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Sake Sommelier

Pleasure of Appreciating Subtlety and Depth — John Gauntner

Conversation with Sake sommelier

No drink is more typically Japanese than sake, so it’s unusual that one of the world’s best-known sake experts is a white guy from Ohio. But over the course of writing three English-language books (as well as two in Japanese) and a newspaper column that ran for eight years, John Gauntner has become internationally recognized for his sake knowledge, even winning the “Accomplished Sake Taster” award three times from Japan’s Junsui Nihonshu Kyoukai. In New York City to deliver a lecture on sake at Japan Society he took time out to speak with Chopsticks New York about the great love of his life.

Why sake?
I guess it’s because I find it to be very subtle and very deep. It tastes great, and it smells great, but as a connoisseur’s beverage the subtlety and depth are what I like most. There’re all kinds of sake: sweet, dry, there’s rich, there’s light, there’s very aromatic sake, simple sake. They all have their strengths and weaknesses, but what drew me to sake is that compared to other beverages it’s much more subtle, there’s more balance to it. You taste a sake and put it down and 30 seconds later you taste it again and think, “Wow, it didn’t taste like that the first time.” Then you taste it again and it’s changed a little bit more. The temperature changes it, but it’s also a beverage that has depth.

This is the tenth time you’ve spoken at Japan Society about sake, have you noticed a change in your audience?
The audience is much more educated now and people know a lot more about sake than they used to. They used to not know what ginjo was, they didn’t know that rice milling led to better sake and they didn’t know the difference between the grades, but now a lot more people know those things. Most of the audience is non-Japanese, too.

What sake trends are there in Japan right now?
There’s always some trend happening and the problem right now is that there’re more shochu trends than sake trends and that’s unfortunate. But I think in general sake in Japan is becoming a little more subdued and restrained, a little more gentle. For a while I think people were really liking very live, strong aromas and then they started drinking sake like Muroka Nama Genshu, which is a very powerful sake that’s undiluted and unpasteurized. But that’s not as popular anymore. I think it’s too powerful for most people. I think simple sake is becoming more popular is Japan.

What do you recommend for Americans drinking sake for the first time?
To me what’s wonderful about sake is that it’s almost always fairly priced. There are some exceptions, but if one bottle costs $10 and one costs $20 the $20 bottle will taste better to almost everyone almost all the time. You can’t say that about wine, but with sake you can make a decision based on your budget: pay a little more and you’ll like it a little better. Or if you can’t make up your mind between two sakes then go with the more expensive bottle because it will almost always be better. Also, when you buy a sake, try it at different temperatures. Try it pretty well chilled, try it at close to room temperature and try it also at room temperature. You’ll learn a lot more about the sake that way. The third thing I can recommend is to compare sake as much as possible. If you drink at home, buy more than one bottle at a time and compare them.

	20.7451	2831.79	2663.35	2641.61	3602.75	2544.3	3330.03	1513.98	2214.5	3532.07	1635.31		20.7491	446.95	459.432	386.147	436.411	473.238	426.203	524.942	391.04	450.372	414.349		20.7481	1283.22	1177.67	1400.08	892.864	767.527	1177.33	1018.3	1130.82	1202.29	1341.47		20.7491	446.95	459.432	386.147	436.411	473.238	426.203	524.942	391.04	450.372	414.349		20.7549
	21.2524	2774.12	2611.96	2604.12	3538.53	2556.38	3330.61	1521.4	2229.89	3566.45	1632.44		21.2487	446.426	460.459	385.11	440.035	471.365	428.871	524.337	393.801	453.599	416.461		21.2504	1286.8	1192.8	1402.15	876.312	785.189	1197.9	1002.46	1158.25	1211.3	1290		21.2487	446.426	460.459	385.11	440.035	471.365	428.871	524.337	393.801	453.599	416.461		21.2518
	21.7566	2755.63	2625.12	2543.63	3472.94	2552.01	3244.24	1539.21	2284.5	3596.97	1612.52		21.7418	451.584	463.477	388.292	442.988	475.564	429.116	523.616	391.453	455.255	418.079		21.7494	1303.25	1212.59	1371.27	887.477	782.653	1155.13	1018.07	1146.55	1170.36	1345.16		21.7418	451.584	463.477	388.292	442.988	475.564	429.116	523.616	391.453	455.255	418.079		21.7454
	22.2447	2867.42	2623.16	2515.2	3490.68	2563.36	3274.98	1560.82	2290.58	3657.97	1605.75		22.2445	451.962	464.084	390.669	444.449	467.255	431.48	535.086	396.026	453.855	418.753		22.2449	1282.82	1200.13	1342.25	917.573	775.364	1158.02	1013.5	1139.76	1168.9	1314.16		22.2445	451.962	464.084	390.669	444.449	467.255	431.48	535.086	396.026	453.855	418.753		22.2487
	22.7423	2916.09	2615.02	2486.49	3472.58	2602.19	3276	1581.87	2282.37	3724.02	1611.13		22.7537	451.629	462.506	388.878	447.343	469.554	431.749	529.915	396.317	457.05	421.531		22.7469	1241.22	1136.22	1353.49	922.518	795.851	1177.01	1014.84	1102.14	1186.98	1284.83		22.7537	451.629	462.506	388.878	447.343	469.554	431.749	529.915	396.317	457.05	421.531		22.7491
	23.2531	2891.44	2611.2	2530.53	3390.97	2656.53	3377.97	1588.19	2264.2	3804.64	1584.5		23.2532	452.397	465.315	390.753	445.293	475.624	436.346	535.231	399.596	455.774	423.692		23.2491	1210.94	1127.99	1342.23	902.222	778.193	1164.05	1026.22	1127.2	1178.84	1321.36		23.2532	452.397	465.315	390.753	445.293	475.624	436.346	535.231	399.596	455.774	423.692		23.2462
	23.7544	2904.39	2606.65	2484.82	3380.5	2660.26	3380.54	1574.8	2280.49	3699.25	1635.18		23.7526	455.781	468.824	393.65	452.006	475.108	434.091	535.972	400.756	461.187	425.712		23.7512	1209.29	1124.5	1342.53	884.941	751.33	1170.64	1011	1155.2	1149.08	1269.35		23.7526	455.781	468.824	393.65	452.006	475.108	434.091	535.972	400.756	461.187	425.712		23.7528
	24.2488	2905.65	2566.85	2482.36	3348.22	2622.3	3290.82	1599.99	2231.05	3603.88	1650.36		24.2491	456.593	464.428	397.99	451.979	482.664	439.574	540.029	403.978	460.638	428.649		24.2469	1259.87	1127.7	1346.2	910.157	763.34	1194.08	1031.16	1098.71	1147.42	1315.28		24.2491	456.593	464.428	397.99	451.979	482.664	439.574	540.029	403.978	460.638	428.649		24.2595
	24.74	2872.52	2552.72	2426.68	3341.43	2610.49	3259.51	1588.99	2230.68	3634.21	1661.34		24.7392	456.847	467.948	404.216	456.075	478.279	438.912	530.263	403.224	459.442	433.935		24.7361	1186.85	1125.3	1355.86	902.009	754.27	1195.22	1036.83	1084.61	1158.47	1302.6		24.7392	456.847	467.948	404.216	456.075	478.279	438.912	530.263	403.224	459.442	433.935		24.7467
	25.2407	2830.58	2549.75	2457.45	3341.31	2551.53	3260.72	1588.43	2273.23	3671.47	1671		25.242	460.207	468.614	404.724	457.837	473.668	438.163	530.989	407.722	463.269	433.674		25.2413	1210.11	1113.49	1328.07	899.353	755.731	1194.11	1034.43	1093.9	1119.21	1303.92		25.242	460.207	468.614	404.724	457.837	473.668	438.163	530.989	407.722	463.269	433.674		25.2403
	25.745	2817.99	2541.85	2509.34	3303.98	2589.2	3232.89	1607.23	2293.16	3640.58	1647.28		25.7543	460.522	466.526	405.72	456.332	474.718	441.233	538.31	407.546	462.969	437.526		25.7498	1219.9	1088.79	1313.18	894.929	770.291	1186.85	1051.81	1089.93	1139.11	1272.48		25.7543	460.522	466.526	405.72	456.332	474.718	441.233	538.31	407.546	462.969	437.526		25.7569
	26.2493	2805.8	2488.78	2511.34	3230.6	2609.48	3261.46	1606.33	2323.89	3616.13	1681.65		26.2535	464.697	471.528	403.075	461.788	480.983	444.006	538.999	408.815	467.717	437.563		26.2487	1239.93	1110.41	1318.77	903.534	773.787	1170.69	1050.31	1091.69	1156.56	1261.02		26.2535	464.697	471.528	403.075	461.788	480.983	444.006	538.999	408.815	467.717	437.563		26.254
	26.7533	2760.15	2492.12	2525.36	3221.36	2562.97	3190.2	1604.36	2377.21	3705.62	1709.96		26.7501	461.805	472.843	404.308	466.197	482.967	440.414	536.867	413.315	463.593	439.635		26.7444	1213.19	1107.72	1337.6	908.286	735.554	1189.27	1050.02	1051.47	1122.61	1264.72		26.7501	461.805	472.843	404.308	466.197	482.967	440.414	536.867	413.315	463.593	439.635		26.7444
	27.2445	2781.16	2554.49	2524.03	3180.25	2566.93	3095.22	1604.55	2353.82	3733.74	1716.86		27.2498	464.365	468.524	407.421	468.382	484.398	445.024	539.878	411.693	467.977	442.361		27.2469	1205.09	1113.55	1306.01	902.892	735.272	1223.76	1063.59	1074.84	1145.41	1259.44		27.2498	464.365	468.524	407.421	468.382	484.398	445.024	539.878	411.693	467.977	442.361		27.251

In your book you say you take notes every time you drink sake.
Very simple notes: what it smells like, what it reminds me of, what the structure is. I don’t have to write a lot, but the act of writing something down crystallizes your feelings and thoughts about it and makes it easier to remember. If you want to learn about sake, then take notes. You don’t have to study, and they don’t have to be long, but they help crystallize what you’re thinking about it.

What kind of sake do you personally like to drink?
I guess I drink a lot at home, and when I do that I like different styles. But what’s important to remember is that what I’m drinking now is different from what I was drinking three to five years before, which is different from what I was drinking three to five years before that. Everyone has their evolution. When I first started drinking sake, for almost seven years I drank only ginjo and I drank nothing warm. I was a sake snob, but now, maybe because I’m older and more ornery, I like warm sake quite a bit when I’m at home. I also like the less aromatic, more relaxed sakes.

I want to add, that the most important thing you can do if you want to learn about sake is to try the widest range of sakes possible. It’s good to find one you like, but if you really want to learn about it, buy a different brand every time, try it, taste it, take notes on it and your preferences are really going to become clear. I think that’s the best advice I can give.

John Gauntner’s books available in the US
1. The Sake Handbook
2. The Sake Companion: A Connoisseur’s Guide
3. Sake Pure & Simple

John Gauntner’s Home Page